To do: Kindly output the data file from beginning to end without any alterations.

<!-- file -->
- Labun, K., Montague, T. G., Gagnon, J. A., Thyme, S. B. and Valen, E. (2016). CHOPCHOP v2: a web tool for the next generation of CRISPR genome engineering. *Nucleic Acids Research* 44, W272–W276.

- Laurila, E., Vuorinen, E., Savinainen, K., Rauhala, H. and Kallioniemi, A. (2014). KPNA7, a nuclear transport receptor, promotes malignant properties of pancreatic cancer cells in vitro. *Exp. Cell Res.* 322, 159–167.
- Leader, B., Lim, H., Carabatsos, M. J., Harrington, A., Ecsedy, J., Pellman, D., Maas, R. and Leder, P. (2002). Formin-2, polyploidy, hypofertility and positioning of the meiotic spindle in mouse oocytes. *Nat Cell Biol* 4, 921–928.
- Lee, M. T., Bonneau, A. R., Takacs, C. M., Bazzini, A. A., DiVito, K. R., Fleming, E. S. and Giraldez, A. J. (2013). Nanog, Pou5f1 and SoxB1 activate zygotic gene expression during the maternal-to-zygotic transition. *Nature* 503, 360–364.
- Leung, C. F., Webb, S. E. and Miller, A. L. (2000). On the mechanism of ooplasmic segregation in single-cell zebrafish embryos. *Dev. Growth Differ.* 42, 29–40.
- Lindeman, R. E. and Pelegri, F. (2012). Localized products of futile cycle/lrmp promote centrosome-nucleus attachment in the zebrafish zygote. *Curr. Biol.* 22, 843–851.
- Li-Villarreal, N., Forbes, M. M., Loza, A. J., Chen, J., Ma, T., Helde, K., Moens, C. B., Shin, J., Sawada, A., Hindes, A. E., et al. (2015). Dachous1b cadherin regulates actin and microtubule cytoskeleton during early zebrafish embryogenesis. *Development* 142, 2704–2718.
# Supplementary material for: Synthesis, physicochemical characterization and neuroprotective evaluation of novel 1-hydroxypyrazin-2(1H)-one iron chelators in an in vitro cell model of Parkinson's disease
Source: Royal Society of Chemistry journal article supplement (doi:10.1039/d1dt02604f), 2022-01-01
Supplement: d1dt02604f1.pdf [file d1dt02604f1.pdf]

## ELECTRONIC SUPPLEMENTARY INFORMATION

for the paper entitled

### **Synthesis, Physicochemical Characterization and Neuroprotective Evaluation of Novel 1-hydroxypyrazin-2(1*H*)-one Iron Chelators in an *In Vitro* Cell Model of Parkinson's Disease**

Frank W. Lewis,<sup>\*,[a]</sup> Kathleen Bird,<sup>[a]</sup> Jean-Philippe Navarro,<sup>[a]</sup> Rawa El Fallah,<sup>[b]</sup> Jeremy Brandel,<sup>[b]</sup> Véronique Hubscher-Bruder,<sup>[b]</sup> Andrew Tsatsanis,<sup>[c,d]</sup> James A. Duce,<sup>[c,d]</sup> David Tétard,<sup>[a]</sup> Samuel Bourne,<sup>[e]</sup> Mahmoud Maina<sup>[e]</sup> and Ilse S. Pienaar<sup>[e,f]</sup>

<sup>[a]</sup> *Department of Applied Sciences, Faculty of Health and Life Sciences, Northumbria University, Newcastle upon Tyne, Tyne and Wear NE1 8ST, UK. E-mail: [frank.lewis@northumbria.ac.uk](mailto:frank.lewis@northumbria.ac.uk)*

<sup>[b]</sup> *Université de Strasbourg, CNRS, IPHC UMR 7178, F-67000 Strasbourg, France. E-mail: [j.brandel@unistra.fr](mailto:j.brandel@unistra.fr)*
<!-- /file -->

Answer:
- Labun, K., Montague, T. G., Gagnon, J. A., Thyme, S. B. and Valen, E. (2016). CHOPCHOP v2: a web tool for the next generation of CRISPR genome engineering. *Nucleic Acids Research* 44, W272–W276.

- Laurila, E., Vuorinen, E., Savinainen, K., Rauhala, H. and Kallioniemi, A. (2014). KPNA7, a nuclear transport receptor, promotes malignant properties of pancreatic cancer cells in vitro. *Exp. Cell Res.* 322, 159–167.
- Leader, B., Lim, H., Carabatsos, M. J., Harrington, A., Ecsedy, J., Pellman, D., Maas, R. and Leder, P. (2002). Formin-2, polyploidy, hypofertility and positioning of the meiotic spindle in mouse oocytes. *Nat Cell Biol* 4, 921–928.
- Lee, M. T., Bonneau, A. R., Takacs, C. M., Bazzini, A. A., DiVito, K. R., Fleming, E. S. and Giraldez, A. J. (2013). Nanog, Pou5f1 and SoxB1 activate zygotic gene expression during the maternal-to-zygotic transition. *Nature* 503, 360–364.
- Leung, C. F., Webb, S. E. and Miller, A. L. (2000). On the mechanism of ooplasmic segregation in single-cell zebrafish embryos. *Dev. Growth Differ.* 42, 29–40.
- Lindeman, R. E. and Pelegri, F. (2012). Localized products of futile cycle/lrmp promote centrosome-nucleus attachment in the zebrafish zygote. *Curr. Biol.* 22, 843–851.
- Li-Villarreal, N., Forbes, M. M., Loza, A. J., Chen, J., Ma, T., Helde, K., Moens, C. B., Shin, J., Sawada, A., Hindes, A. E., et al. (2015). Dachous1b cadherin regulates actin and microtubule cytoskeleton during early zebrafish embryogenesis. *Development* 142, 2704–2718.
# Supplementary material for: Synthesis, physicochemical characterization and neuroprotective evaluation of novel 1-hydroxypyrazin-2(1H)-one iron chelators in an in vitro cell model of Parkinson's disease
Source: Royal Society of Chemistry journal article supplement (doi:10.1039/d1dt02604f), 2022-01-01
Supplement: d1dt02604f1.pdf [file d1dt02604f1.pdf]

## ELECTRONIC SUPPLEMENTARY INFORMATION

for the paper entitled

### **Synthesis, Physicochemical Characterization and Neuroprotective Evaluation of Novel 1-hydroxypyrazin-2(1*H*)-one Iron Chelators in an *In Vitro* Cell Model of Parkinson's Disease**

Frank W. Lewis,<sup>\*,[a]</sup> Kathleen Bird,<sup>[a]</sup> Jean-Philippe Navarro,<sup>[a]</sup> Rawa El Fallah,<sup>[b]</sup> Jeremy Brandel,<sup>[b]</sup> Véronique Hubscher-Bruder,<sup>[b]</sup> Andrew Tsatsanis,<sup>[c,d]</sup> James A. Duce,<sup>[c,d]</sup> David Tétard,<sup>[a]</sup> Samuel Bourne,<sup>[e]</sup> Mahmoud Maina<sup>[e]</sup> and Ilse S. Pienaar<sup>[e,f]</sup>

<sup>[a]</sup> *Department of Applied Sciences, Faculty of Health and Life Sciences, Northumbria University, Newcastle upon Tyne, Tyne and Wear NE1 8ST, UK. E-mail: [frank.lewis@northumbria.ac.uk](mailto:frank.lewis@northumbria.ac.uk)*

<sup>[b]</sup> *Université de Strasbourg, CNRS, IPHC UMR 7178, F-67000 Strasbourg, France. E-mail: [j.brandel@unistra.fr](mailto:j.brandel@unistra.fr)*